I think at the end of the day you have forgotten President Obama's promises re: deficit reduction and middle class tax cuts. I'm sure Democrats think they have the upperhand by framing the issue as "Middle class tax cuts or not." But that's just the point. It takes almost no effort by Republicans to counter the sort of framing you suggest-- they could just combine a list of Obama's promises in speeches about the deficit with the CBO's inevitable forecasts for how much the Democratic plan would cost and bag a victory.

Or they can have their cake and eat it too-- continue as many of the tax cuts as they can get in negotiations (lets say most of the Bush tax cuts the AMT fix) and then still slam Democrats for having the deficit go up trillions of dollars under their watch.

3) And yet, my opinion pieces have won national awards and my video game reviews have not. Either you lack a discerning eye for good writing, or the critics are insane.

5
Anonymous over 5 years ago

Keith Yost is quite correct to say liberals are devout Keynesians, but what he failed to tell you is that the conservatives are closet Keynesians. The fiscal cliff contains substantial cuts to the defense sector, the only sort of government spending conservatives like. Liberals are more than happy to take that away if given the chance. Make no mistake, the sequester will hurt everyone, but liberals are willing to play ball this time around. For more, read Jonathan Chait from the NY Mag:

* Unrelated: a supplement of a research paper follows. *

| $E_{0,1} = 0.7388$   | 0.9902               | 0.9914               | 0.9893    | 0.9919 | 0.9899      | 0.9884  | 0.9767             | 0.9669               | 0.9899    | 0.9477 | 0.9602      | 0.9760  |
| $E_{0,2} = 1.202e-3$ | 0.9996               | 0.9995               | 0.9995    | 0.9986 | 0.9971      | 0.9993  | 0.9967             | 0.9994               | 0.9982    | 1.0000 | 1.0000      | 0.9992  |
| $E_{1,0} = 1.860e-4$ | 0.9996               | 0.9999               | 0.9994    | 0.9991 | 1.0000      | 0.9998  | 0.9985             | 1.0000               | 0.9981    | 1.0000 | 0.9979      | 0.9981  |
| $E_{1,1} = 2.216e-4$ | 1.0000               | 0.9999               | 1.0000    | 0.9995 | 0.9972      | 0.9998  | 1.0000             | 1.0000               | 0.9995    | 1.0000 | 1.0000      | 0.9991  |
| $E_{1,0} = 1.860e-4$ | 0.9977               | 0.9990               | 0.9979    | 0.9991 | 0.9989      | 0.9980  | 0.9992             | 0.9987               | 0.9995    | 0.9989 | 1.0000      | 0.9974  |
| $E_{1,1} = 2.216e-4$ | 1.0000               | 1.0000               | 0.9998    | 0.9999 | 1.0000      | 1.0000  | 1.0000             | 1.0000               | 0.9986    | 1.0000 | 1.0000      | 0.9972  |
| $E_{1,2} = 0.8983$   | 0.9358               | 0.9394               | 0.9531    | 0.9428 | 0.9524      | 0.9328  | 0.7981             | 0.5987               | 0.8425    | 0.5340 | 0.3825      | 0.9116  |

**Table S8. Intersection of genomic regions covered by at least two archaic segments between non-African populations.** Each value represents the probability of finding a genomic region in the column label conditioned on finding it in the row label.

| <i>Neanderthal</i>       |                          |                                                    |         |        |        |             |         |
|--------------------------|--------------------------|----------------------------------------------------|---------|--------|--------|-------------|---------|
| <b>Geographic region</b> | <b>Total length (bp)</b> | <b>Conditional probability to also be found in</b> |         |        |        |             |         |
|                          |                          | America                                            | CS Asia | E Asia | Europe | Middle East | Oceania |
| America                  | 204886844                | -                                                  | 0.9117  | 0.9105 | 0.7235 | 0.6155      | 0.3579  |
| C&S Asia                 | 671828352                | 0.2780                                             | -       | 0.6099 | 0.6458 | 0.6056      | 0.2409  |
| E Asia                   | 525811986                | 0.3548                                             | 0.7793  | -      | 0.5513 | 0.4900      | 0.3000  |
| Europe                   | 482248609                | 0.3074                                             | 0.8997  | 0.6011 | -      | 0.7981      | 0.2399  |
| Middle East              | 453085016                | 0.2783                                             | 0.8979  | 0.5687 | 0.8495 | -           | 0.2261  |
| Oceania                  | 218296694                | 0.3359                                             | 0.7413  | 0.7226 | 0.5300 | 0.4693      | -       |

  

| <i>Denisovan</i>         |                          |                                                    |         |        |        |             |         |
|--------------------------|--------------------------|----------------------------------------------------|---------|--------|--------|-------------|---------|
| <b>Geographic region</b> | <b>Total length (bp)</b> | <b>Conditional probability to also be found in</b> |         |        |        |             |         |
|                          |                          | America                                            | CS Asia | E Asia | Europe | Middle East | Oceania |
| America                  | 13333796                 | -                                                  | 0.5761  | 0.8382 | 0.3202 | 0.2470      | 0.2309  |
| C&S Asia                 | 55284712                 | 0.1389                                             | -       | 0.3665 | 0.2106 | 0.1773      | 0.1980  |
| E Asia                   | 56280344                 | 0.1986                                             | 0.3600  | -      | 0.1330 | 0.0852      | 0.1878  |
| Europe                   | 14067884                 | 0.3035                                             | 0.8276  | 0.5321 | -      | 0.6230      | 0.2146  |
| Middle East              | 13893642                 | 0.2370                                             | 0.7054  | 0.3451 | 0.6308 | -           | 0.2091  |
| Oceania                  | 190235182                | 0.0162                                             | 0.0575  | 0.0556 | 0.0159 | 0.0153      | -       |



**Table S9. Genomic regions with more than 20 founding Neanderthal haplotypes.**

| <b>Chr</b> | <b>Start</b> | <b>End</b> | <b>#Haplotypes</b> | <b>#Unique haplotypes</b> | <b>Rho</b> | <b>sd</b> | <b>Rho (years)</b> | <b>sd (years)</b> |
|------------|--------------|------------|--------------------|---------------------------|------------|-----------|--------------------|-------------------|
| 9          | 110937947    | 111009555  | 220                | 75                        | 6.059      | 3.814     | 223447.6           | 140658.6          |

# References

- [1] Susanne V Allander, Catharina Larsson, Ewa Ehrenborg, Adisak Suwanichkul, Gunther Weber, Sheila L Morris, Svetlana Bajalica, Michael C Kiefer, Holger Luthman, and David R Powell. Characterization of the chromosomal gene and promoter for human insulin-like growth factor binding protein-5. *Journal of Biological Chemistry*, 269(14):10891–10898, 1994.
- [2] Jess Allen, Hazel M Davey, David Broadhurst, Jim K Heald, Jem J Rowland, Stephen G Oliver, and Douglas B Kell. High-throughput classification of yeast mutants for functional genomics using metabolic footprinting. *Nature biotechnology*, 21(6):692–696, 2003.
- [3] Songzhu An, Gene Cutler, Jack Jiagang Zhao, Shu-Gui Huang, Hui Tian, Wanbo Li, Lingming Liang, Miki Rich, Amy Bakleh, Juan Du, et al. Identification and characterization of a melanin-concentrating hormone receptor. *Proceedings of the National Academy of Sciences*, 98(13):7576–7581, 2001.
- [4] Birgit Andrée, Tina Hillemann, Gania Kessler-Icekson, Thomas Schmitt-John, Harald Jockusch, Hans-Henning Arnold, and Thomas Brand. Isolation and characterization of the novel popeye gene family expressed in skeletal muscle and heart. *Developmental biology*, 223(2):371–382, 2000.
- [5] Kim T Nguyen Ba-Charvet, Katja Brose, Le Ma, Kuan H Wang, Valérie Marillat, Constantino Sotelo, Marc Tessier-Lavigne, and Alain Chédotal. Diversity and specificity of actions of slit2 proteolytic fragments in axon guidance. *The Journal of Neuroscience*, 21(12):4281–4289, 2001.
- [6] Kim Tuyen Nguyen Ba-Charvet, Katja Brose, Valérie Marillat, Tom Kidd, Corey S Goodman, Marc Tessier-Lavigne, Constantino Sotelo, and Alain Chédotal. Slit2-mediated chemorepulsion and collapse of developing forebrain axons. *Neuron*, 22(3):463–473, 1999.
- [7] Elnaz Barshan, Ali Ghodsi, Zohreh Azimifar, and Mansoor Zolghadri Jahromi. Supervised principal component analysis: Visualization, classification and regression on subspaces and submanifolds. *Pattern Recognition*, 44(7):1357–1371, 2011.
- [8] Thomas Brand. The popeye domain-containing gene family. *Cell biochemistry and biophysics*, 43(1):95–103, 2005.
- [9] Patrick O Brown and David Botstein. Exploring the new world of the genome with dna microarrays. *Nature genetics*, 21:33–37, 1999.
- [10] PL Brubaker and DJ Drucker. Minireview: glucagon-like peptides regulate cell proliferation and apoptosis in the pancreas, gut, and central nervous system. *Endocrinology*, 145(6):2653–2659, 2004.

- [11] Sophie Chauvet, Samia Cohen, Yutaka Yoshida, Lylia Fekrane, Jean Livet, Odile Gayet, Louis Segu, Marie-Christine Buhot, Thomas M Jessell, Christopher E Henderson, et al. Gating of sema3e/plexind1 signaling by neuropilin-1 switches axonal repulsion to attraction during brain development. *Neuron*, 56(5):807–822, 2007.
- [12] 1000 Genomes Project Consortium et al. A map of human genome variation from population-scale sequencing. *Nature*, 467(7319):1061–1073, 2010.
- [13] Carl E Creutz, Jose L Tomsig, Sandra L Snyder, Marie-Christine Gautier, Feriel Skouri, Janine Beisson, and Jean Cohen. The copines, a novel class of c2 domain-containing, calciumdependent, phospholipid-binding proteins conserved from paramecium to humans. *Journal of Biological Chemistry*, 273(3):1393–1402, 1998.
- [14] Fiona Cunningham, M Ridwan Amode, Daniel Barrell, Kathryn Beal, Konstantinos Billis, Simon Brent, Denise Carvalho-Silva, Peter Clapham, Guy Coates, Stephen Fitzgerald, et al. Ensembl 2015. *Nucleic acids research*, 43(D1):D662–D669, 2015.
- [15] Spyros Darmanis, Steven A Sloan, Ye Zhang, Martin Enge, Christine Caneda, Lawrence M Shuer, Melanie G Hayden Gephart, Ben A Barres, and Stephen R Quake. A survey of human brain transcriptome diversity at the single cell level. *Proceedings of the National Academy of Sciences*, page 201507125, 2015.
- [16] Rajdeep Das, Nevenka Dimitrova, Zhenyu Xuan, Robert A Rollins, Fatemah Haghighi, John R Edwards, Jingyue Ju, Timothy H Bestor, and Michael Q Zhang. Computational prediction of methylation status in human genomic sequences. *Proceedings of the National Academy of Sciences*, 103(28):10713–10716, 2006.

http://nymag.com/daily/intel/2012/11/erskine-bowles-bids-to-spoil-obama-second-term.html

Keith Yost is correct that President Obama has promised deficit reduction and middle class tax cuts, but it will take Obama no effort to get these things since Republicans support them too. Obama is banking that he will get these things, and then some. Now, Keith Yost most certainly forgot that Obama has also promised higher tax rate for the wealthy (this came up at the 2nd debate), and the country voted for it. The CBO has announced that a tax hike on the wealthy will not hurt growth. All these mean the Dems talking points on GOP being the party of tax cuts for the rich are all set. Expect the Dems to go on TV telling the Americans: "We campaigned on this and won, election has consequences." "CBO says tax hike for the wealthy does not hurt growth." "Bush tax cuts for the wealthy increase the deficit."

http://www.reuters.com/article/2012/11/09/us-usa-fiscal-cbo-idUSBRE8A71D020121109

As Keith Yost has shown, I have no doubt that the GOP thinks they can win this debate too. If both sides think they can win, by all means, bring on the fiscal cliff!!

6
Steve \'88 over 5 years ago

I was dismayed to read this in the Tech. I expect to see columns, even opinion pieces, using facts and rational argument. This piece was sadly lacking in both.

Among the factual errors or misleading statements:

Reich never claims to address the $10T deficit. That is a straw man argument. He addresses the $4T goal as mentioned by Simpson-Bowles et. al. If Yost doesn't like that goal, he shouldn't blame Reich.

Why does Yost characterize Reich's estimates as "generous"? Sources, please?

Why does Yost characterize Reich's reductions as an "unspecified hodge-podge" when he calls out "special tax preferences for oil and gas, price supports for big agriculture, tax breaks and research subsidies for Big Pharma, unnecessary weapons systems for military contractors, and indirect subsidies to the biggest banks on Wall Street"? That's far more specifics than Romney gave.